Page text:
The heart of the book is comprised of five chapters that each address a different digital liturgy. Here James means to help us understand both the content our technologies are preaching to us and the ideologies they are fostering within us. “The question is not, Is this technology shaping me right now? The question is, How is this technology shaping me right now?” And so he writes at some length about authenticity, outrage, shame, consumption, and meaninglessness—each of them a readily identifiable aspect of life online.
There are books you may be drawn to, but probably do not actually need to read. (Seriously, at some point you need to stop reading books about methods of prayer and just pray!) Then there are other books you may not be particularly drawn to but probably ought to read. Among these are books on technology, and especially the new digital technologies that have come to dominate our lives. I’d wager that your phone is in your hand at least several hours every day; I’d wager that you are on social media at least every few hours, often without even thinking about it; I’d wager that you communicate with others through your devices on a near-constant basis. Would it not be important to do some reading about these technologies, about how they are functioning in society and the church, and about how they may be quietly transforming you? What else could form such an important part of our lives yet receive so little attention?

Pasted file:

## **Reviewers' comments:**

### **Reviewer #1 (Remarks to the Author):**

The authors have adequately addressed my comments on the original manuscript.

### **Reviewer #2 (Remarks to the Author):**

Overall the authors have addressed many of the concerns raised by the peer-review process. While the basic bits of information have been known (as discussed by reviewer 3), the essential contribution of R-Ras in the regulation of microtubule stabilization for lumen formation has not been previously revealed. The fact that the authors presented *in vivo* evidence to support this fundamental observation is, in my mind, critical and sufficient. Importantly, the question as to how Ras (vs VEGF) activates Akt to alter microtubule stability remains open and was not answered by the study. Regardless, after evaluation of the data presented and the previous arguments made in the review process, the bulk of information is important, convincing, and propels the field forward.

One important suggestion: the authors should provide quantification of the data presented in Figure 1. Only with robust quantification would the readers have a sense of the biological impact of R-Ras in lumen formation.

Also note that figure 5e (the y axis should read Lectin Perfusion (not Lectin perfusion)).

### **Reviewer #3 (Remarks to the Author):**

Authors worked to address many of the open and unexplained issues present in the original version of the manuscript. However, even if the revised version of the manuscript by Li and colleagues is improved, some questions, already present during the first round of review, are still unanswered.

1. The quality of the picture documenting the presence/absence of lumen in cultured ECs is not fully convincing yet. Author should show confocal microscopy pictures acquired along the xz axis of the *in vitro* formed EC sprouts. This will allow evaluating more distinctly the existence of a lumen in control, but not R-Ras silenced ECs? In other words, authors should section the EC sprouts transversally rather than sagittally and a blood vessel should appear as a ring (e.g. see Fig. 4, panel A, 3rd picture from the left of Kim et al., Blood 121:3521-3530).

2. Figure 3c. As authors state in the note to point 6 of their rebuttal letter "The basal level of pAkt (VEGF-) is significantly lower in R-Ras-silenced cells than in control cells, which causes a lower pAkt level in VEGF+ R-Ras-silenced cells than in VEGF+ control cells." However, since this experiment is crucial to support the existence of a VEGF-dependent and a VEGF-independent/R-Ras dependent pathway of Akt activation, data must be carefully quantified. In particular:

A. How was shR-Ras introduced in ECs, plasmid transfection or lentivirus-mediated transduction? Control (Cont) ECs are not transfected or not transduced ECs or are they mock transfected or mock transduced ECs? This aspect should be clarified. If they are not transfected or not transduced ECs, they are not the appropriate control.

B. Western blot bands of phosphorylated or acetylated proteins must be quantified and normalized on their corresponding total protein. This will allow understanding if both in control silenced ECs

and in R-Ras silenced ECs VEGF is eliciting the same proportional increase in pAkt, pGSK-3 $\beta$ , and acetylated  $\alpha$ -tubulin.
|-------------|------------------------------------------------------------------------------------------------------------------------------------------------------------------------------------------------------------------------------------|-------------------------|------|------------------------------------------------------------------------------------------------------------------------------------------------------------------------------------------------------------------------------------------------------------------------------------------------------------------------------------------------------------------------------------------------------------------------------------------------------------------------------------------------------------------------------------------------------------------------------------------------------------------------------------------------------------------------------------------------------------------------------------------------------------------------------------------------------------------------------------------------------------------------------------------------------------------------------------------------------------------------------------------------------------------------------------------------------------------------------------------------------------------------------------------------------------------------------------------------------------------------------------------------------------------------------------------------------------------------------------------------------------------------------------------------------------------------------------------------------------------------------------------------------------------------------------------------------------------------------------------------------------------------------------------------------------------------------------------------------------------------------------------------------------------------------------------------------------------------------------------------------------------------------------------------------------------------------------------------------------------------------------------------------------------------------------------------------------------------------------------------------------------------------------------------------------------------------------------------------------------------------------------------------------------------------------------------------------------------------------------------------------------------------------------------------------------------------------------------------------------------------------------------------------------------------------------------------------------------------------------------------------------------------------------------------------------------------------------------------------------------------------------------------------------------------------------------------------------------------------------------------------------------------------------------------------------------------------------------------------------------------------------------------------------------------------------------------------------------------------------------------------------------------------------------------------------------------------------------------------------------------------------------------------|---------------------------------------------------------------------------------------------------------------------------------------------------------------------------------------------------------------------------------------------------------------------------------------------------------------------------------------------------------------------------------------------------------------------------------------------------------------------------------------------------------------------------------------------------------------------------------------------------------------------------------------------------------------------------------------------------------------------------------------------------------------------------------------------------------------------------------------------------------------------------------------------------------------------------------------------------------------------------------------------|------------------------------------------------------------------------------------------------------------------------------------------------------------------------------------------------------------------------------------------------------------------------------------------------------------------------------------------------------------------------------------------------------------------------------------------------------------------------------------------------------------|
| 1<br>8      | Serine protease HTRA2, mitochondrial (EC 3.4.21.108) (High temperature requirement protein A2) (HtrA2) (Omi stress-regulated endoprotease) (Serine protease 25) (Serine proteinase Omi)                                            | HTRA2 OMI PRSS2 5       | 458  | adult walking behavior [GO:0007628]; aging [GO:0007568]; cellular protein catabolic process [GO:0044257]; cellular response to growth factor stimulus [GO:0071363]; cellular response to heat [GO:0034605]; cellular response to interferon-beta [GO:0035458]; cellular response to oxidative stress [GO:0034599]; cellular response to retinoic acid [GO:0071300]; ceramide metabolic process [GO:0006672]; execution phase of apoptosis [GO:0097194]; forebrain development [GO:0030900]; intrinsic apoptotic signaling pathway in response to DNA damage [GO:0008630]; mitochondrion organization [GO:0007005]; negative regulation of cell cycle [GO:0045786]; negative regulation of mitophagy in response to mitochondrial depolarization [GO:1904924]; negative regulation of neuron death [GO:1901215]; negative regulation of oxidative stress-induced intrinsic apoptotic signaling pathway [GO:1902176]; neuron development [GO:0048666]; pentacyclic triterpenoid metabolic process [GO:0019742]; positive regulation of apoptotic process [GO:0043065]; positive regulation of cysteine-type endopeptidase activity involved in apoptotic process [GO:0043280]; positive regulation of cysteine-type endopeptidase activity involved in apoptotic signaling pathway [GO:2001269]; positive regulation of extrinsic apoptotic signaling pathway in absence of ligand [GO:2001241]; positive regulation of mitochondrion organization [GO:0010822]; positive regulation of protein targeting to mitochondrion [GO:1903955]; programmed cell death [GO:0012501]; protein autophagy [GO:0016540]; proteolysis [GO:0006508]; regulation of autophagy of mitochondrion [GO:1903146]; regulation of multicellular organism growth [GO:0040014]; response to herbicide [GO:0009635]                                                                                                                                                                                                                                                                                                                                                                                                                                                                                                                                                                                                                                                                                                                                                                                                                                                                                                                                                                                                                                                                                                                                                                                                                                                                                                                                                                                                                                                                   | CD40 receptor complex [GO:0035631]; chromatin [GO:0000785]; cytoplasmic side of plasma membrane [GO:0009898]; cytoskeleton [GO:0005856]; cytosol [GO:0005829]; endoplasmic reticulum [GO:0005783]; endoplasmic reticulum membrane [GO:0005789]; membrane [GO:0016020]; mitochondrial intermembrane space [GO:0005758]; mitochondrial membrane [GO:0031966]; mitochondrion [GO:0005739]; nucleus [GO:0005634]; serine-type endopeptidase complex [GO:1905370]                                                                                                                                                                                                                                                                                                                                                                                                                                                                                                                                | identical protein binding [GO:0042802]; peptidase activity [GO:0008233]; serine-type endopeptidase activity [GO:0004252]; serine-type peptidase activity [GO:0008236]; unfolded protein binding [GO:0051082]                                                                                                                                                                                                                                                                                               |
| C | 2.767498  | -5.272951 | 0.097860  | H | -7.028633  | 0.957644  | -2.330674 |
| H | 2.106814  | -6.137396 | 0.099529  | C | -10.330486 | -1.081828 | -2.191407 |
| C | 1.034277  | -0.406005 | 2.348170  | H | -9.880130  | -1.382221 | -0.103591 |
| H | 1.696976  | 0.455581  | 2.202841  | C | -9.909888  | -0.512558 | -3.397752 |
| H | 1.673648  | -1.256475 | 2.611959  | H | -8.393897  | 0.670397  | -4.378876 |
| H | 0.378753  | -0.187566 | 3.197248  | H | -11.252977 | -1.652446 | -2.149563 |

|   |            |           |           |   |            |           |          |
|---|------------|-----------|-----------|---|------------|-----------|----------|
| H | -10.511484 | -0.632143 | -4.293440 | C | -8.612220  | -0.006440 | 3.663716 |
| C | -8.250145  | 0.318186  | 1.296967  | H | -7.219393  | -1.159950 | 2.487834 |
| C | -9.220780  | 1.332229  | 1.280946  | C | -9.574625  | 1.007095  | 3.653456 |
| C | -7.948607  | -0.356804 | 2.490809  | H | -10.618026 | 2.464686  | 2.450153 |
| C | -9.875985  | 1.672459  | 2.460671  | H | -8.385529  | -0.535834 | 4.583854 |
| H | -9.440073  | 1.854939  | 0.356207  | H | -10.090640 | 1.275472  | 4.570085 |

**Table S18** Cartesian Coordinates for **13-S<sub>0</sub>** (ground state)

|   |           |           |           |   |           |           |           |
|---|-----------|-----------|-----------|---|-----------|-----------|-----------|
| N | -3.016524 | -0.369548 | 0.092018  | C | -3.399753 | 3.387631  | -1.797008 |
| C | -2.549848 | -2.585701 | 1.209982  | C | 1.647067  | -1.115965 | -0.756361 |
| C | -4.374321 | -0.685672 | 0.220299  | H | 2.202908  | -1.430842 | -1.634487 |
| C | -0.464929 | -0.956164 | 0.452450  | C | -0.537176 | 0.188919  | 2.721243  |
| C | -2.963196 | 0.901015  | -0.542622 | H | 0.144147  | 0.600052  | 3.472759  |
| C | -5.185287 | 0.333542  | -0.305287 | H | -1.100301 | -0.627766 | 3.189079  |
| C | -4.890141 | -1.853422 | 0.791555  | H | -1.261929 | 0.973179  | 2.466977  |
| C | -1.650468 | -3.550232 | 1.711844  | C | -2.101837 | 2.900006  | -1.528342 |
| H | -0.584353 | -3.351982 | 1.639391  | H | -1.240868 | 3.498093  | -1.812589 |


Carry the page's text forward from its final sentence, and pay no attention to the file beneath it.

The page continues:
Samuel James’ Digital Liturgies is meant to help you think about these technologies and the social internet they enable. For these are not harmless or inconsequential tools. Neither can they be exactly compared to any tools that we have previously experienced in human history, for they alone provide a “disembodied electronic environment that we enter through connected devices for the purpose of accessing information, relationships, and media that are not available to us in a physical format.” Our use of these technologies and our increasing immersion in them essentially brings us into a whole new kind of world in which we leave aside so much of what makes us who we are.
“Rather than being a neutral tool, the internet (particularly the social internet) is an epistemological environment—a spiritual and intellectual habitat—that creates in its members particular ways of thinking, feeling, and believing. It’s true in one sense that the web is a tool that responds to its users’ desires.